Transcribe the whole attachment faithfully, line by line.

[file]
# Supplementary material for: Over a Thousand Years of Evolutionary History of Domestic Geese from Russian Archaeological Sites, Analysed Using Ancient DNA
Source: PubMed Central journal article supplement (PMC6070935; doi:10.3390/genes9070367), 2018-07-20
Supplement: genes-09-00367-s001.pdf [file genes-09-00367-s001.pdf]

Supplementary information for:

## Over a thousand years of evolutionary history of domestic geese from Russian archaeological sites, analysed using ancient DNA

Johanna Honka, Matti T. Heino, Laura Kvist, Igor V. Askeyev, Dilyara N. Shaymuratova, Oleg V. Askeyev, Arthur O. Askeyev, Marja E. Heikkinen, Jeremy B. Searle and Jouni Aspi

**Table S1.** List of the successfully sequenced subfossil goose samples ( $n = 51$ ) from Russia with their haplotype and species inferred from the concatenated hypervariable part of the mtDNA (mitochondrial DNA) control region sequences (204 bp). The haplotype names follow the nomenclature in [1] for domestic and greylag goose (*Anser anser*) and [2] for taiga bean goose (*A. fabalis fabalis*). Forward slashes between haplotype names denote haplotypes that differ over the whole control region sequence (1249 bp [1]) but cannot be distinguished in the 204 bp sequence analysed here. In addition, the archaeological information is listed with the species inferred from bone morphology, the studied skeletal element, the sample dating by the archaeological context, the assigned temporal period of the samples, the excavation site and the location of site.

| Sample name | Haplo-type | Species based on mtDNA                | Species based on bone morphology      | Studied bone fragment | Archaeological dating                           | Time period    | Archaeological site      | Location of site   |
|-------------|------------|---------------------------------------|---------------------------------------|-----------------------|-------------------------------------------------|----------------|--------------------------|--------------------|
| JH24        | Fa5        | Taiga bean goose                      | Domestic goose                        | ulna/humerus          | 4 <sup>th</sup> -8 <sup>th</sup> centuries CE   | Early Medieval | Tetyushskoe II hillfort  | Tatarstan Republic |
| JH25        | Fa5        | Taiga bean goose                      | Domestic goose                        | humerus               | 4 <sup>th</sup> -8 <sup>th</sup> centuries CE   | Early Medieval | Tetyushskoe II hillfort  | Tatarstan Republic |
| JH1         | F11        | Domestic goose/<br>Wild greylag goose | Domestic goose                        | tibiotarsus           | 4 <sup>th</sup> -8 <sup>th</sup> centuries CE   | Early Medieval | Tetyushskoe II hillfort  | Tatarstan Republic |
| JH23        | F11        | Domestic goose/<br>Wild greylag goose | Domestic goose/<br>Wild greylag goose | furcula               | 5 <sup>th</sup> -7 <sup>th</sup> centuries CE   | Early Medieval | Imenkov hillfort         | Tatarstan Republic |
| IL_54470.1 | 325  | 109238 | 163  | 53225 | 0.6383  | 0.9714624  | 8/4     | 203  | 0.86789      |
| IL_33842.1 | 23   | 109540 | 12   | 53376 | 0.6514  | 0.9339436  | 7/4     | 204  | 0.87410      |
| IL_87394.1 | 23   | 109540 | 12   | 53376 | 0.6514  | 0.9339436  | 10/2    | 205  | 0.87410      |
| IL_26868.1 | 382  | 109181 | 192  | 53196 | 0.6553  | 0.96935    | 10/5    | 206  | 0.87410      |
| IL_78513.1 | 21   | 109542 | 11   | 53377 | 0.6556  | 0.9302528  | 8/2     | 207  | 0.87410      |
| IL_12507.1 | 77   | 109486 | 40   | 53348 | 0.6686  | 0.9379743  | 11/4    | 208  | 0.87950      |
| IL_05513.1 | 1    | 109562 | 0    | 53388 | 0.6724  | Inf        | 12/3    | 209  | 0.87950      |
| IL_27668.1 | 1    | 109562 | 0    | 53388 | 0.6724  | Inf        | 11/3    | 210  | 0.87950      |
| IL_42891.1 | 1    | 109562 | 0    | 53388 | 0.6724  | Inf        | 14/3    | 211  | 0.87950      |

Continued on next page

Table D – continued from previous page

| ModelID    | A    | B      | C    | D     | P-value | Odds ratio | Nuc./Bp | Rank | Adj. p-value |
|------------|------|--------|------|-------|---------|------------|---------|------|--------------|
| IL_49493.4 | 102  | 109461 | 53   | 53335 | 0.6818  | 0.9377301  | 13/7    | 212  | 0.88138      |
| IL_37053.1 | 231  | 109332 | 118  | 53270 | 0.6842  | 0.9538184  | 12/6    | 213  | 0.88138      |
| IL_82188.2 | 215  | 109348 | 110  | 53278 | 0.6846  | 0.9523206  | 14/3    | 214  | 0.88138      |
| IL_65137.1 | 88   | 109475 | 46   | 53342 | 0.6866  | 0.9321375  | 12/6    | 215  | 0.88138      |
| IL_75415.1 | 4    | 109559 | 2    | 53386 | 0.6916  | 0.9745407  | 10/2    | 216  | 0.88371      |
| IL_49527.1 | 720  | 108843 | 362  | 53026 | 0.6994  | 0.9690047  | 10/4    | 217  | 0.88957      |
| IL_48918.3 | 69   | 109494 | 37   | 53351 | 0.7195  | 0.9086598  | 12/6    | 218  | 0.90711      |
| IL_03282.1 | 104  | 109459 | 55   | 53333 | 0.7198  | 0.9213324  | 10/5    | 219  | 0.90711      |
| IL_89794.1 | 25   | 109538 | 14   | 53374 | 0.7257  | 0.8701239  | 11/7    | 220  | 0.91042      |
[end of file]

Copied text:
# Supplementary material for: Over a Thousand Years of Evolutionary History of Domestic Geese from Russian Archaeological Sites, Analysed Using Ancient DNA
Source: PubMed Central journal article supplement (PMC6070935; doi:10.3390/genes9070367), 2018-07-20
Supplement: genes-09-00367-s001.pdf [file genes-09-00367-s001.pdf]

Supplementary information for:

## Over a thousand years of evolutionary history of domestic geese from Russian archaeological sites, analysed using ancient DNA

Johanna Honka, Matti T. Heino, Laura Kvist, Igor V. Askeyev, Dilyara N. Shaymuratova, Oleg V. Askeyev, Arthur O. Askeyev, Marja E. Heikkinen, Jeremy B. Searle and Jouni Aspi

**Table S1.** List of the successfully sequenced subfossil goose samples ( $n = 51$ ) from Russia with their haplotype and species inferred from the concatenated hypervariable part of the mtDNA (mitochondrial DNA) control region sequences (204 bp). The haplotype names follow the nomenclature in [1] for domestic and greylag goose (*Anser anser*) and [2] for taiga bean goose (*A. fabalis fabalis*). Forward slashes between haplotype names denote haplotypes that differ over the whole control region sequence (1249 bp [1]) but cannot be distinguished in the 204 bp sequence analysed here. In addition, the archaeological information is listed with the species inferred from bone morphology, the studied skeletal element, the sample dating by the archaeological context, the assigned temporal period of the samples, the excavation site and the location of site.

| Sample name | Haplo-type | Species based on mtDNA                | Species based on bone morphology      | Studied bone fragment | Archaeological dating                           | Time period    | Archaeological site      | Location of site   |
|-------------|------------|---------------------------------------|---------------------------------------|-----------------------|-------------------------------------------------|----------------|--------------------------|--------------------|
| JH24        | Fa5        | Taiga bean goose                      | Domestic goose                        | ulna/humerus          | 4 <sup>th</sup> -8 <sup>th</sup> centuries CE   | Early Medieval | Tetyushskoe II hillfort  | Tatarstan Republic |
| JH25        | Fa5        | Taiga bean goose                      | Domestic goose                        | humerus               | 4 <sup>th</sup> -8 <sup>th</sup> centuries CE   | Early Medieval | Tetyushskoe II hillfort  | Tatarstan Republic |
| JH1         | F11        | Domestic goose/<br>Wild greylag goose | Domestic goose                        | tibiotarsus           | 4 <sup>th</sup> -8 <sup>th</sup> centuries CE   | Early Medieval | Tetyushskoe II hillfort  | Tatarstan Republic |
| JH23        | F11        | Domestic goose/<br>Wild greylag goose | Domestic goose/<br>Wild greylag goose | furcula               | 5 <sup>th</sup> -7 <sup>th</sup> centuries CE   | Early Medieval | Imenkov hillfort         | Tatarstan Republic |
| IL_54470.1 | 325  | 109238 | 163  | 53225 | 0.6383  | 0.9714624  | 8/4     | 203  | 0.86789      |
| IL_33842.1 | 23   | 109540 | 12   | 53376 | 0.6514  | 0.9339436  | 7/4     | 204  | 0.87410      |
| IL_87394.1 | 23   | 109540 | 12   | 53376 | 0.6514  | 0.9339436  | 10/2    | 205  | 0.87410      |
| IL_26868.1 | 382  | 109181 | 192  | 53196 | 0.6553  | 0.96935    | 10/5    | 206  | 0.87410      |
| IL_78513.1 | 21   | 109542 | 11   | 53377 | 0.6556  | 0.9302528  | 8/2     | 207  | 0.87410      |
| IL_12507.1 | 77   | 109486 | 40   | 53348 | 0.6686  | 0.9379743  | 11/4    | 208  | 0.87950      |
| IL_05513.1 | 1    | 109562 | 0    | 53388 | 0.6724  | Inf        | 12/3    | 209  | 0.87950      |
| IL_27668.1 | 1    | 109562 | 0    | 53388 | 0.6724  | Inf        | 11/3    | 210  | 0.87950      |
| IL_42891.1 | 1    | 109562 | 0    | 53388 | 0.6724  | Inf        | 14/3    | 211  | 0.87950      |

Continued on next page

Table D – continued from previous page

| ModelID    | A    | B      | C    | D     | P-value | Odds ratio | Nuc./Bp | Rank | Adj. p-value |
|------------|------|--------|------|-------|---------|------------|---------|------|--------------|
| IL_49493.4 | 102  | 109461 | 53   | 53335 | 0.6818  | 0.9377301  | 13/7    | 212  | 0.88138      |
| IL_37053.1 | 231  | 109332 | 118  | 53270 | 0.6842  | 0.9538184  | 12/6    | 213  | 0.88138      |
| IL_82188.2 | 215  | 109348 | 110  | 53278 | 0.6846  | 0.9523206  | 14/3    | 214  | 0.88138      |
| IL_65137.1 | 88   | 109475 | 46   | 53342 | 0.6866  | 0.9321375  | 12/6    | 215  | 0.88138      |
| IL_75415.1 | 4    | 109559 | 2    | 53386 | 0.6916  | 0.9745407  | 10/2    | 216  | 0.88371      |
| IL_49527.1 | 720  | 108843 | 362  | 53026 | 0.6994  | 0.9690047  | 10/4    | 217  | 0.88957      |
| IL_48918.3 | 69   | 109494 | 37   | 53351 | 0.7195  | 0.9086598  | 12/6    | 218  | 0.90711      |
| IL_03282.1 | 104  | 109459 | 55   | 53333 | 0.7198  | 0.9213324  | 10/5    | 219  | 0.90711      |
| IL_89794.1 | 25   | 109538 | 14   | 53374 | 0.7257  | 0.8701239  | 11/7    | 220  | 0.91042      |